While talking to myself the other day, I noticed something odd.

We have the five W words and the H:

  • What
  • When
  • Where
  • Who
  • Why
  • How

I've heard three of these words said with "some" at the start:

  • Somewhat
  • Somewhere
  • Somehow

But I've never heard "somewhen", "somewho" or "somewhy". If when, why, and who, are the same type of speech as what, where, and how, why don't we put "some" before the former three?

  • Maybe you're expecting more patterns than exit.
    – Xanne
    Jun 18, 2017 at 6:42
  • That may be a duplicate of the question, but there's no useful answer there. Jun 18, 2017 at 16:05
  • LIke most Why questions about language, a complete answer is "because that is how it is". You can sometimes speculate, or even demonstrate how it came to be, but there is no answer to why it came to be.
    – Colin Fine
    Jun 18, 2017 at 17:47
  • 2
    somewhen: sometime; somewho: somebody; somewhy: ??? Jun 18, 2017 at 17:52
  • @PeterShor Maybe somewhy: for some reason.
    – 1006a
    Jun 19, 2017 at 7:23

1 Answer 1


Good observations. A few additions ...

First, they're Wh-words, not just W-words. The wh part goes back to Proto-Indo-European relative/interrogative root *kʷo- and shows up in Latin as well as in all the qu-words and -phrases we've borrowed, like quantity, quality, and question.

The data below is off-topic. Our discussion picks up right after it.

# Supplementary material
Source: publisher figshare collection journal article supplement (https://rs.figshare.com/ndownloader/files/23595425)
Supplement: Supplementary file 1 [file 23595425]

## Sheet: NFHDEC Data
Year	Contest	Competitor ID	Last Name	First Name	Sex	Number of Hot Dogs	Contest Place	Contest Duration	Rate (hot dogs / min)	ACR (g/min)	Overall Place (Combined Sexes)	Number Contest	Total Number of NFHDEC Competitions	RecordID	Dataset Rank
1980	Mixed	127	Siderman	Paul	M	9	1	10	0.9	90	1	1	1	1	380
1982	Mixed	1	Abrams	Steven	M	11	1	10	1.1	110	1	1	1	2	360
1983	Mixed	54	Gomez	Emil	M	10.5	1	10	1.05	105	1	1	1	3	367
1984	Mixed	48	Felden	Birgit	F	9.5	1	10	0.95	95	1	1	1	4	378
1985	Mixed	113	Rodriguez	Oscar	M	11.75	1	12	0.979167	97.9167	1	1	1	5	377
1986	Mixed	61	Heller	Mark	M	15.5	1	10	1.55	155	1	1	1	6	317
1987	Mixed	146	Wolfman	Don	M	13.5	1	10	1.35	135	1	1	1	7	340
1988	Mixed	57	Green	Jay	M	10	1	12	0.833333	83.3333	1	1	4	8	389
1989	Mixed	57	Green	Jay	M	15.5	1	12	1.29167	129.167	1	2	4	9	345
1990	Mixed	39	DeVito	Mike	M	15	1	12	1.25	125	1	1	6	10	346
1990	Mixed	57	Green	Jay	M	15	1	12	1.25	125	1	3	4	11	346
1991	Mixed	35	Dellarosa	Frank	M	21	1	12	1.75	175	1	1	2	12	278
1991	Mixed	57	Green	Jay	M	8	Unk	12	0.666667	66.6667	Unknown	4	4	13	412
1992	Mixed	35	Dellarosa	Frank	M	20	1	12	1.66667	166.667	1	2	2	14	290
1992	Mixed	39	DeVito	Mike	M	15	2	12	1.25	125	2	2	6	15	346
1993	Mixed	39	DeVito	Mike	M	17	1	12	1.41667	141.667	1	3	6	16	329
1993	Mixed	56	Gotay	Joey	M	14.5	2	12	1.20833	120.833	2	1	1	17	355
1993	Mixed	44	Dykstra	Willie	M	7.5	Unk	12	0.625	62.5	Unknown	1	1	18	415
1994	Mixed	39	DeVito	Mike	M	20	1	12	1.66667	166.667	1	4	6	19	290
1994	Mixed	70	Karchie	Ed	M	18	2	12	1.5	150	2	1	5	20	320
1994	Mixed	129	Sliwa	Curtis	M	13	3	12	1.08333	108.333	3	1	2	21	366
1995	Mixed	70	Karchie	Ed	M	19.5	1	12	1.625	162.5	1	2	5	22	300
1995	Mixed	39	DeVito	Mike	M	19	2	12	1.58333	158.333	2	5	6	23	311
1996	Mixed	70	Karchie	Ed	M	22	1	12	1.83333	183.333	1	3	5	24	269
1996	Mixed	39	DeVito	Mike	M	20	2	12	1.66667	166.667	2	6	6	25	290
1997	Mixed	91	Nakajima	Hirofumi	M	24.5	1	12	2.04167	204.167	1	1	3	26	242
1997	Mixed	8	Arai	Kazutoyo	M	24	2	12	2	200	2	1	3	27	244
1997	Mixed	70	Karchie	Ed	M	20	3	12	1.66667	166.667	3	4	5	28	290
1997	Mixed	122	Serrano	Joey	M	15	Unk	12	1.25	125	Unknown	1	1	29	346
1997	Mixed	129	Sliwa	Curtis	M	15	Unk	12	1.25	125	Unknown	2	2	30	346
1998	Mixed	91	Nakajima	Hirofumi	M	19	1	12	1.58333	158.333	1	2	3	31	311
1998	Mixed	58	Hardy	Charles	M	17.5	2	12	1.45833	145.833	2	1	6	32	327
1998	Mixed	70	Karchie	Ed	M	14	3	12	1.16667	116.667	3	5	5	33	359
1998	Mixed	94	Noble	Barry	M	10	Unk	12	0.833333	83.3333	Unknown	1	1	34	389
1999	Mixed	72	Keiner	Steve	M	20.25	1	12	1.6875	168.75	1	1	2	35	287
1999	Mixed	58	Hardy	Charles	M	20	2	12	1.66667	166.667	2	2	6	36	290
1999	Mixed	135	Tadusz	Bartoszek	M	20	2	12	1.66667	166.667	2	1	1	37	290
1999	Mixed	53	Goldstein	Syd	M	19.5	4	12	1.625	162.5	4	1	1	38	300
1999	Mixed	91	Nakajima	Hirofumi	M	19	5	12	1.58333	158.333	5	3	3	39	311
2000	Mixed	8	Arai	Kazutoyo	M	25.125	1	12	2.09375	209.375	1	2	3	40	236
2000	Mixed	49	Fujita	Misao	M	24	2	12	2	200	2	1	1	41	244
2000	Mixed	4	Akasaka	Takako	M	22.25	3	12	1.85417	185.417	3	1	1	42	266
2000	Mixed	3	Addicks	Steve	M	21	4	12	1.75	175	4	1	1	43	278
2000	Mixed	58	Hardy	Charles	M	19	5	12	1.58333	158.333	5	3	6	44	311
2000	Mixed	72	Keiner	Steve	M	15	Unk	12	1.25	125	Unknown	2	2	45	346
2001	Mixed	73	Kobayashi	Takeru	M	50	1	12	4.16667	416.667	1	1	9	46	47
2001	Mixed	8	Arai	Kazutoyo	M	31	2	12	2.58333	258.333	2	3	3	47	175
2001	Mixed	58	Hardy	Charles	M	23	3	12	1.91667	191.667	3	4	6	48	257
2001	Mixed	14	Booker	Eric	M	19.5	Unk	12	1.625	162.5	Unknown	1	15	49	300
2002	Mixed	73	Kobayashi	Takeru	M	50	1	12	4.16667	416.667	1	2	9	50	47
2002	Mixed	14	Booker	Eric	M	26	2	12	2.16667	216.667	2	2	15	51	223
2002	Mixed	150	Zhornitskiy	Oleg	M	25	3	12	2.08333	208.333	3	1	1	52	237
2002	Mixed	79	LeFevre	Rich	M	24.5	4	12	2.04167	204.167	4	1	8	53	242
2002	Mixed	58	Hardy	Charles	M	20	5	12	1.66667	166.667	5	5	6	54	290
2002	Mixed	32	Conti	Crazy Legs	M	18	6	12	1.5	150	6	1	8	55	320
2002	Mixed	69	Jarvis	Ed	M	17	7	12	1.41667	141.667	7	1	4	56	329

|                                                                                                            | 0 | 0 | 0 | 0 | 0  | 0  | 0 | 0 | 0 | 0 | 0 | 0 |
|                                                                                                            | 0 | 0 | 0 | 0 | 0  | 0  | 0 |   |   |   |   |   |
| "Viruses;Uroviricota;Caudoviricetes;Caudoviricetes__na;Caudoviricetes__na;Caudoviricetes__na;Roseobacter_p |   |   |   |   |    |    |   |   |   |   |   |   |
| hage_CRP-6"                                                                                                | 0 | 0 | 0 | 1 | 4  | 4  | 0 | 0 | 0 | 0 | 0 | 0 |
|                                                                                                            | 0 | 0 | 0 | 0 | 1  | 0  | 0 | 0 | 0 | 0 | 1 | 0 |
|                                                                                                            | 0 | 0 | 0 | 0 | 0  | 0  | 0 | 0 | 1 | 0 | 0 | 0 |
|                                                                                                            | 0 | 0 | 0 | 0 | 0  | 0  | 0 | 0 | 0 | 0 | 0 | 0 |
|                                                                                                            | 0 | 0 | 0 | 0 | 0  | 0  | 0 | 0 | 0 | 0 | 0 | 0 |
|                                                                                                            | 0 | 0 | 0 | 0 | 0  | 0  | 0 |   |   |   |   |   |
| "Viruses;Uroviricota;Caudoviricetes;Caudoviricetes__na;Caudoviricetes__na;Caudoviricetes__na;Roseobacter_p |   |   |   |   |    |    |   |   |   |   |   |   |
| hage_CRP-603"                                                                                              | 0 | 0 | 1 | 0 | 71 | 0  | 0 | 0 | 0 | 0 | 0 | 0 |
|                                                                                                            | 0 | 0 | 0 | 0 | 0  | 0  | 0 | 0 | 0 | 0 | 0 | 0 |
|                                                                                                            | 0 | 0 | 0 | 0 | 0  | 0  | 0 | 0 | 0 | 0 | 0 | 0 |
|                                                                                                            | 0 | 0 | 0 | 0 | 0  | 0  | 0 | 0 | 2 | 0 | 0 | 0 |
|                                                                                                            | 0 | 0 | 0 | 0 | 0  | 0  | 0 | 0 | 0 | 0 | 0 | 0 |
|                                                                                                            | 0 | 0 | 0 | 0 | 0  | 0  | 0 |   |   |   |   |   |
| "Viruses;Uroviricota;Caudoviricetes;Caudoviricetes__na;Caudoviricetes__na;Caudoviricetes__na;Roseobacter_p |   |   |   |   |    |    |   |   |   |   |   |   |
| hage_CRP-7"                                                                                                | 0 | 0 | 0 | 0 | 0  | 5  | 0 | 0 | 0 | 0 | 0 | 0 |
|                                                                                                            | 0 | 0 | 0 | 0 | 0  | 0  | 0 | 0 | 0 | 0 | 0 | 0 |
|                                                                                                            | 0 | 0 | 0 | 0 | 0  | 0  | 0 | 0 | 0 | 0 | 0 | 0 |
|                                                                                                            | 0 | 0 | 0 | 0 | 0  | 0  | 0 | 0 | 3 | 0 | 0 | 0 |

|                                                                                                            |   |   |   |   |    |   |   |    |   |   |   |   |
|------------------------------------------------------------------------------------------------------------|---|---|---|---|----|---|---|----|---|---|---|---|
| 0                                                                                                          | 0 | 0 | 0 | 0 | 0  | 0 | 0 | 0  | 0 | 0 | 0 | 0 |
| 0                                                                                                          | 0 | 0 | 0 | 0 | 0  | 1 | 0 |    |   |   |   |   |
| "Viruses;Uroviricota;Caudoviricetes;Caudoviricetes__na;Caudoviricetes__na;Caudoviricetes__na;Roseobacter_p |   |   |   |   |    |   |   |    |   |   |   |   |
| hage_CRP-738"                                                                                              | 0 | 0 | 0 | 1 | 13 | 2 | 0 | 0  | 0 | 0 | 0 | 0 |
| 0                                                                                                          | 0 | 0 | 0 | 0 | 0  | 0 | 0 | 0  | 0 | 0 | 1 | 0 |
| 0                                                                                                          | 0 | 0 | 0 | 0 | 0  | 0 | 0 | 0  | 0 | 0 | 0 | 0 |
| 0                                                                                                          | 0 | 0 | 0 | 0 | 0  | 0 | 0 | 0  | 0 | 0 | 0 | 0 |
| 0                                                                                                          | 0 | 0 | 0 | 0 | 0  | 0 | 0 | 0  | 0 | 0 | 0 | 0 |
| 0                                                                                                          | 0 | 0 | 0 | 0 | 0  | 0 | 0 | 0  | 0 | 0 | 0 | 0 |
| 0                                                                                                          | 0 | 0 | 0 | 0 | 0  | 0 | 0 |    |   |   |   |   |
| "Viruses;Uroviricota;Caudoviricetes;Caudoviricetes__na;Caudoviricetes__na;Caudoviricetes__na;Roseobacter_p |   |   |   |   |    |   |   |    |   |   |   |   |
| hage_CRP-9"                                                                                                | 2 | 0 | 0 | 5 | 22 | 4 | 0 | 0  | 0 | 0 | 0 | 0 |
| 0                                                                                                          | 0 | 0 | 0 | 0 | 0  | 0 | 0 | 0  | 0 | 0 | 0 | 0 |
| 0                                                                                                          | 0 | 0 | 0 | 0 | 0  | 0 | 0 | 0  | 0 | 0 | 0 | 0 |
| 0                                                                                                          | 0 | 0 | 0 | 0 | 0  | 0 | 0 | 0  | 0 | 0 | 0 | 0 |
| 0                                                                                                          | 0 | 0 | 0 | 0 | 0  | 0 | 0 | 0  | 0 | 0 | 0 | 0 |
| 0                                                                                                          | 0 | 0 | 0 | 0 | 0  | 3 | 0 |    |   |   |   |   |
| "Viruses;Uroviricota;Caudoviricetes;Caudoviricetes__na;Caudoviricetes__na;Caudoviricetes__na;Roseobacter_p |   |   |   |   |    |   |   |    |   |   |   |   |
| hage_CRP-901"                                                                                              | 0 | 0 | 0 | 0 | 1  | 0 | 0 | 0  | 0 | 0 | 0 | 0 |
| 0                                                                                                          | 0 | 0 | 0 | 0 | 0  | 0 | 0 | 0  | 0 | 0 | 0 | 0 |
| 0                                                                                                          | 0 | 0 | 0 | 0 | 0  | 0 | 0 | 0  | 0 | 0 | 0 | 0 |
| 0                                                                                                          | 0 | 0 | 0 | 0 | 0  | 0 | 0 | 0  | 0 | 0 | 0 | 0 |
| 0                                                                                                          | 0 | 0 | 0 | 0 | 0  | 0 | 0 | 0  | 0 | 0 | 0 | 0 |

Second, you missed a few. As well as who, what, where, when, why and how, there's also which and whether. Not to mention old paradigmatic variants like whence and whither, which are pretty rare in use these days.

Third, some is not the only word they can occur with. Consider any, which alternates with some in many contexts:

  • Did you see some people there? ~ Did you see any people there?

So besides somewhere, somehow, and somewhat, there's also anywhere and anyhow. And then there's everywhere and elsewhere. It looks like locatives have the most fun, since where combines with the most words. Combinations like *somewhen, *anywhat, *elsewho, and *everyhow -- while understandable -- just don't exist in English.

  • 1
    I can attest somewhen attests in English sci-fi (and sappy country music).
    – Dan Bron
    Jun 18, 2017 at 17:34
  • American SF, too. It's unavoidable when you're dealing with imaginary dimensions. Jun 18, 2017 at 17:36
  • 1
    I meant English as in the language, not the stoic people from that weird little island. I'm American.
    – Dan Bron
    Jun 18, 2017 at 17:47

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